If you like bananas, you'll know they're tasty and good for you, but they have a very limited shelf life. Unlike Chi Chi Rodriguez, I'm an optimist, so I buy bananas that are slightly green, knowing they'll be perfectly yellow the next time I need one for my cereal bowl.

My problem isn't that my bananas are too green but that they turn brown way too soon. Fortunately, after dealing with this problem for years, I've found several good recipes that use brown bananas. Today I'll share one with you: Chocolate Chip Banana Bars. 

This recipe is a great one because it's fast, easy and delicious, and everyone loves it. I found it in an old cookbook titled "Cookies." See if you like it, too!

Banana Chocolate Chip Bars
1/2 C margarine or butter, room temperature (one stick)
3/4 C firmly packed brown sugar
1 C mashed bananas (about two medium-size)
1/2 tsp. vanilla
1 1/4 C flour
1/2 C wheat germ
1/2 tsp. baking soda
1/4 tsp. salt
3/4 C chocolate chips
3/4 C chopped walnuts or pecans (or more chocolate chips)
Cinnamon sugar for sprinkling on top
Preheat oven to 350 degrees. Beat butter and brown sugar together until creamy. Beat in bananas and vanilla. In a separate bowl, stir together dry ingredients. Add to butter mixture, beating well.
Stir in chocolate chips and half of the nuts. Spread mixture in a greased 9” x 13” baking pan. Sprinkle with remaining nuts if you are using nuts. (I omit the nuts and just use a total of 1 1/2 C chocolate chips.)
Sprinkle cinnamon sugar all over the top. Bake 18-20 minutes or until toothpick inserted into center comes out clean. Cool and cut into squares. 
This recipe is from “Cookies,” 1980.

Sunday, February 5, 2012

Wild Weather: A Look Back at 2011

Happy New Year!

OK, so I know it's actually Feb. 5, and it's been 2012 for more than a month now. But yesterday ushered in the new Year of the Dragon in Chinese astrology, and that's close enough for me.

Three days ago, on Groundhog Day, Punxsutawney Phil saw his shadow in Gobbler's Knob, Penn. That reportedly means another six weeks of winter. That's OK. In fact, so far, this winter has been fairly mild for us in Dallas. Nothing like last year .....

Which brings us to 2011. I know I'm not the only one who's happy to say goodbye to 2011! Here in Texas, 2011 brought plenty of trouble: snowstorms, a heat wave, drought, wildfires and a state budget crisis.

Snowstorms: The year started off with an unusually cold winter, with several snowstorms that closed down schools throughout north Texas and kept kids home from school for days. An ice storm in early February, followed by three days of below-freezing temperatures and then a snowstorm, caused hundreds of auto accidents, forced the canceling of 300 flights to Dallas airports and caused lots of headaches for football fans trying to travel to Dallas to see the Super Bowl on Feb. 6 at Arlington's giant new Cowboys Stadium. (For more, visit this New York Times article:

We had 100 hours below freezing, which was the longest stretch of freezing temperatures we'd had in more than 20 years. (See My kids were home from school for four days!!! (I hope that doesn't happen EVER again!)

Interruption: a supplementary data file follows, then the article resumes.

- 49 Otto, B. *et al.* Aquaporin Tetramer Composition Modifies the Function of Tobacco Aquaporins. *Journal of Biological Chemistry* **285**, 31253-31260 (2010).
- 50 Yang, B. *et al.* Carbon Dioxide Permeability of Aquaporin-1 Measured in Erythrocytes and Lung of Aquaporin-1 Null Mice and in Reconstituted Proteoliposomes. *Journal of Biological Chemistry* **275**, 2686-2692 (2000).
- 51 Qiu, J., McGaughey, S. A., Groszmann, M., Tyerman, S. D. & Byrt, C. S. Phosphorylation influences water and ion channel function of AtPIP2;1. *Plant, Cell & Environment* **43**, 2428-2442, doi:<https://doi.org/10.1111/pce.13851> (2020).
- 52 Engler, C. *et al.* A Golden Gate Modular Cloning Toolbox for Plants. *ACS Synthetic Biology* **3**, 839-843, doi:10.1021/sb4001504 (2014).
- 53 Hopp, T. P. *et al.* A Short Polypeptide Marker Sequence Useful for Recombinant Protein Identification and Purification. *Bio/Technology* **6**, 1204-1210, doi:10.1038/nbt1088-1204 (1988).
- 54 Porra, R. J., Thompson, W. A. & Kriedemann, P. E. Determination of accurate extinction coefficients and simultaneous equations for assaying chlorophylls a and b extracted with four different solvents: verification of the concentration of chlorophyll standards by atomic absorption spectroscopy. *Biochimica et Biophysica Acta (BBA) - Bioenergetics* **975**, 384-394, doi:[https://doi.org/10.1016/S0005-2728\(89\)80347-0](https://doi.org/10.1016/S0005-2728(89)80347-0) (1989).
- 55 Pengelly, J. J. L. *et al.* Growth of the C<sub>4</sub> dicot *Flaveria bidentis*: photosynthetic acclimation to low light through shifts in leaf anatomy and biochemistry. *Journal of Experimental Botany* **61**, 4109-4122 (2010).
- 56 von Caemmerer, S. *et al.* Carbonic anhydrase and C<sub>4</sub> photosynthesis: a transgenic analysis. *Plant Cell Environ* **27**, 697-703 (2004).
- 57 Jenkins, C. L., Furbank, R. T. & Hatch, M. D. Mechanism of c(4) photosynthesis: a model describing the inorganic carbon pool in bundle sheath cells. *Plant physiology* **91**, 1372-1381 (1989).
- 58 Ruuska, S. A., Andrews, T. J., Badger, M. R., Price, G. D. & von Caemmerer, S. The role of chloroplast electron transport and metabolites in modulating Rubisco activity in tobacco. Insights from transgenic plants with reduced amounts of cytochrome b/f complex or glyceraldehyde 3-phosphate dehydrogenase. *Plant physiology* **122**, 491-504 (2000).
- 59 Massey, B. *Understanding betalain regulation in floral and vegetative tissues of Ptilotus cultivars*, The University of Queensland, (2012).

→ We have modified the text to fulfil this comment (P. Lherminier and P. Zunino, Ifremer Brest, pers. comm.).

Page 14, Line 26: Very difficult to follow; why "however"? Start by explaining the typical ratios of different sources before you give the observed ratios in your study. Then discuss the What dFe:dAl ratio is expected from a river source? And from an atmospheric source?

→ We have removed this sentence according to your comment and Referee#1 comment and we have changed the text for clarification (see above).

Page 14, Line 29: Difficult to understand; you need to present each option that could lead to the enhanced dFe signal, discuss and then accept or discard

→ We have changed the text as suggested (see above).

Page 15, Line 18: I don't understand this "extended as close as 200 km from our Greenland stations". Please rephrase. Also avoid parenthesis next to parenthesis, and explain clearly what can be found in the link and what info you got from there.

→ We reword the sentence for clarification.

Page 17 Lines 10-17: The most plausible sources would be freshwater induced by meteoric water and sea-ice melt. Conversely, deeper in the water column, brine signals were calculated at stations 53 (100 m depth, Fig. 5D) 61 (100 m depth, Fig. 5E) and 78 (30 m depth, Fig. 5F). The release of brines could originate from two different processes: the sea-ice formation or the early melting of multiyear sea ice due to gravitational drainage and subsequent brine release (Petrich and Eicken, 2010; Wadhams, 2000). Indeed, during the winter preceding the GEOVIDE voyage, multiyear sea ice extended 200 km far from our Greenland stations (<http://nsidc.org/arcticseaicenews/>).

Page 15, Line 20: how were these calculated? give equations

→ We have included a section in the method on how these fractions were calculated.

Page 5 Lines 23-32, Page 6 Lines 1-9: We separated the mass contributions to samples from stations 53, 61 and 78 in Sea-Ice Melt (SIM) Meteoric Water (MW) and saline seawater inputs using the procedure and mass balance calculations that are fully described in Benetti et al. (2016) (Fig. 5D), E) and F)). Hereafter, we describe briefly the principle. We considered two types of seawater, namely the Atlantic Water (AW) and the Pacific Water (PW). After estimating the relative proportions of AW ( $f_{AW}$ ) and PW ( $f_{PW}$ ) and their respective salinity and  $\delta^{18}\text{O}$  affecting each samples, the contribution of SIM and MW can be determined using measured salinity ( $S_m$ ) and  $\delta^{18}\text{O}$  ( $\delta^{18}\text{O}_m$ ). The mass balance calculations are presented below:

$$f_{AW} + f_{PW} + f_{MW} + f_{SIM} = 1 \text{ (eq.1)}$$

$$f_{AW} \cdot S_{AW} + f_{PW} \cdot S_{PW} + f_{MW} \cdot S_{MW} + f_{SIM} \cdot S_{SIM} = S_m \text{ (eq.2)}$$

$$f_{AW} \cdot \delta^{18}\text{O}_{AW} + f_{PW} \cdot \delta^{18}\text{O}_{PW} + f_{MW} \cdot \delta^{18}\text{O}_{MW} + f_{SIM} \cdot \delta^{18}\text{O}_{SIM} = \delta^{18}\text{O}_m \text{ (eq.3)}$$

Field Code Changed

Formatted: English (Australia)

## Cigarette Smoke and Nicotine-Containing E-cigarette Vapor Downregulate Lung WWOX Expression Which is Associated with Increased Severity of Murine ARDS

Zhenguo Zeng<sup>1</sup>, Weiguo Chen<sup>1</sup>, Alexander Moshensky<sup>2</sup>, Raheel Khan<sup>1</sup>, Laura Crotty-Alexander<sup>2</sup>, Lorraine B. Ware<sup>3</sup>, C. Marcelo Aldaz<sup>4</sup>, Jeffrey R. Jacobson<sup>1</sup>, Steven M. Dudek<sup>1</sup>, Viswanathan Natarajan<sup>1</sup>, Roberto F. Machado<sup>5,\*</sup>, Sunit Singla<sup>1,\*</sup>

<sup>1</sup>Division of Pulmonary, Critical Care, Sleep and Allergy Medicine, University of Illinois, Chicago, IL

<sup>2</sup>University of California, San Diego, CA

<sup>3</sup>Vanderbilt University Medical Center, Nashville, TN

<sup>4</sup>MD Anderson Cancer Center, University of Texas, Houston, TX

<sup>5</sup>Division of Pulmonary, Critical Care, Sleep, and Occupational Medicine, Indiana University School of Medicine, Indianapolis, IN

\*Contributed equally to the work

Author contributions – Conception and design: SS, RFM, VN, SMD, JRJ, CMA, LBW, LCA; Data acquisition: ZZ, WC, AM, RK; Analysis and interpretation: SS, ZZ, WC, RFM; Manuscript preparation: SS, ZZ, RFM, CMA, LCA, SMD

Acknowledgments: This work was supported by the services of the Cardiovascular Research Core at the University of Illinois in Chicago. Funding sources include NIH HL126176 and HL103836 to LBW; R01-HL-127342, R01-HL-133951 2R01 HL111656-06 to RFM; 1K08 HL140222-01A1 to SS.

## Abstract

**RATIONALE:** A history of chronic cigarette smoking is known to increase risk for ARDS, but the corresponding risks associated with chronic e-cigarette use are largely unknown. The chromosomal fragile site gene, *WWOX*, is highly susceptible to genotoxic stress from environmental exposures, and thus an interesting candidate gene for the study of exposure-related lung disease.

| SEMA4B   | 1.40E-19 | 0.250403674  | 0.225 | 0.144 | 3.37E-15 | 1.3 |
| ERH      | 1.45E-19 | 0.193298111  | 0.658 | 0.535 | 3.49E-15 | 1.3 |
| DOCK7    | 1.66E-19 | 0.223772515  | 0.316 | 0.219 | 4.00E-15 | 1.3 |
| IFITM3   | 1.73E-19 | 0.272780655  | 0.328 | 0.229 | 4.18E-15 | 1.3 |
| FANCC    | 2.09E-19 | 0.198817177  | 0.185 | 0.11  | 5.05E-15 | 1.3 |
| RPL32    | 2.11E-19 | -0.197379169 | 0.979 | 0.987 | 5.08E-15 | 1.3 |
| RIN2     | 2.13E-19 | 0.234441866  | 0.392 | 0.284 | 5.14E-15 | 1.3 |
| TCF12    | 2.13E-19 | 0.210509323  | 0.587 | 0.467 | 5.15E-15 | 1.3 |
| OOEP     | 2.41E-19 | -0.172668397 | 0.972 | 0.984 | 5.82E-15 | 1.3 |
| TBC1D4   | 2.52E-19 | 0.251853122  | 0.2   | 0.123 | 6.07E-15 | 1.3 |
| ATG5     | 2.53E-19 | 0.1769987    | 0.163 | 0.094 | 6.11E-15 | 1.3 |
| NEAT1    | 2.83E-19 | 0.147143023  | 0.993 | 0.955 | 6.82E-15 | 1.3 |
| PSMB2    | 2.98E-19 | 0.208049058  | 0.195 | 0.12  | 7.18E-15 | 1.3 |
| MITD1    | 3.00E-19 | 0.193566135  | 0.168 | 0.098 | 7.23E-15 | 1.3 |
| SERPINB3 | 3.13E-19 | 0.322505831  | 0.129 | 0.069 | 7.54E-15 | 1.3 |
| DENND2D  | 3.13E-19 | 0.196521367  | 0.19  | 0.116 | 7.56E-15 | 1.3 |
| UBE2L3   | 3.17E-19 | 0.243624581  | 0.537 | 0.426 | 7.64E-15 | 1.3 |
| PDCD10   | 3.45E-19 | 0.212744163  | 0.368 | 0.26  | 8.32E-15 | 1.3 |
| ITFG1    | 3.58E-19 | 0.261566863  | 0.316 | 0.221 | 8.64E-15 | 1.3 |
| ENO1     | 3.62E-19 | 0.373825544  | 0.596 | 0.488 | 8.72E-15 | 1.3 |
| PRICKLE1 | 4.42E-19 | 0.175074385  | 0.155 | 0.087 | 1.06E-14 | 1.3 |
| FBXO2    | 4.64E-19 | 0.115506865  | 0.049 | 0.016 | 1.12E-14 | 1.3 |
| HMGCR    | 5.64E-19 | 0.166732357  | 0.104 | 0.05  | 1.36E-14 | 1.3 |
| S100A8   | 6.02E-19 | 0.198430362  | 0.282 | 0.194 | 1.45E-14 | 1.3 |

Heat wave: Last year saw a horrible heat wave that turned out to be the state's worst ever recorded! (That's the worst since at least 1895.) August was the hottest month in Dallas since records began in 1898. All kinds of heat records were broken all over the Southern U.S. (See For example, here in Dallas, we set a new record of 71 days over 100 degrees in one year! (See this article for more:

It was so hot every day that my kids and I experimented with dashboard dining, cooking all kinds of food on our car dashboard on those hot summer days.

Drought: The hottest summer on record, paired with low rainfall totals, led to a terrible drought throughout the Southern U.S. After last summer, almost all of Texas was in a state of extreme drought. At least 13 people in Dallas died from the heat, and the overburdened state power grid, facing unprecedented demand for electricity as people ran their air conditioners constantly, was at risk of shutting down. (See more at

The dry conditions caused about $5.2 billion in agricultural losses in the state's worst single-year drought on record. (See Also affected were the state's water table and lake levels, which fell significantly.

Wildfires: The lack of rain, plus the incredible heat spell, combined to make a perfect firestorm of wildfires that burned about 4 million acres in Texas, doubling the previous record. Firefighters responded to more than 28,000 fires in Texas in the 2011 fire season. The fires burned 2,862 homes and led Gov. Rick Perry to declare a State of Disaster. The fires were so huge, they could be seen from space. (See

Budget crisis: To top it all off, the nationwide recession left is mark on Texas, forcing the state Legislature to make billions of dollars in cuts to state services, including a 6% cut to schools that forced districts across the state to lay off thousands of teachers. These cuts not only continue but increase in the 2012-2013 school year.

So in summary, most of 2011 was long, hot, dry and miserable for a lot of folks. So far, 2012 is looking up a little. A big, wet storm pushed through Dallas last week, raising area lake levels and lifting a tiny part of north Texas out of drought stage. (Read it in the Star-Telegram:

Let's hope that last week's rains, like a breath of fresh air, herald a better year for us all in 2012, both in Dallas and wherever you are.

Happy New Year!!!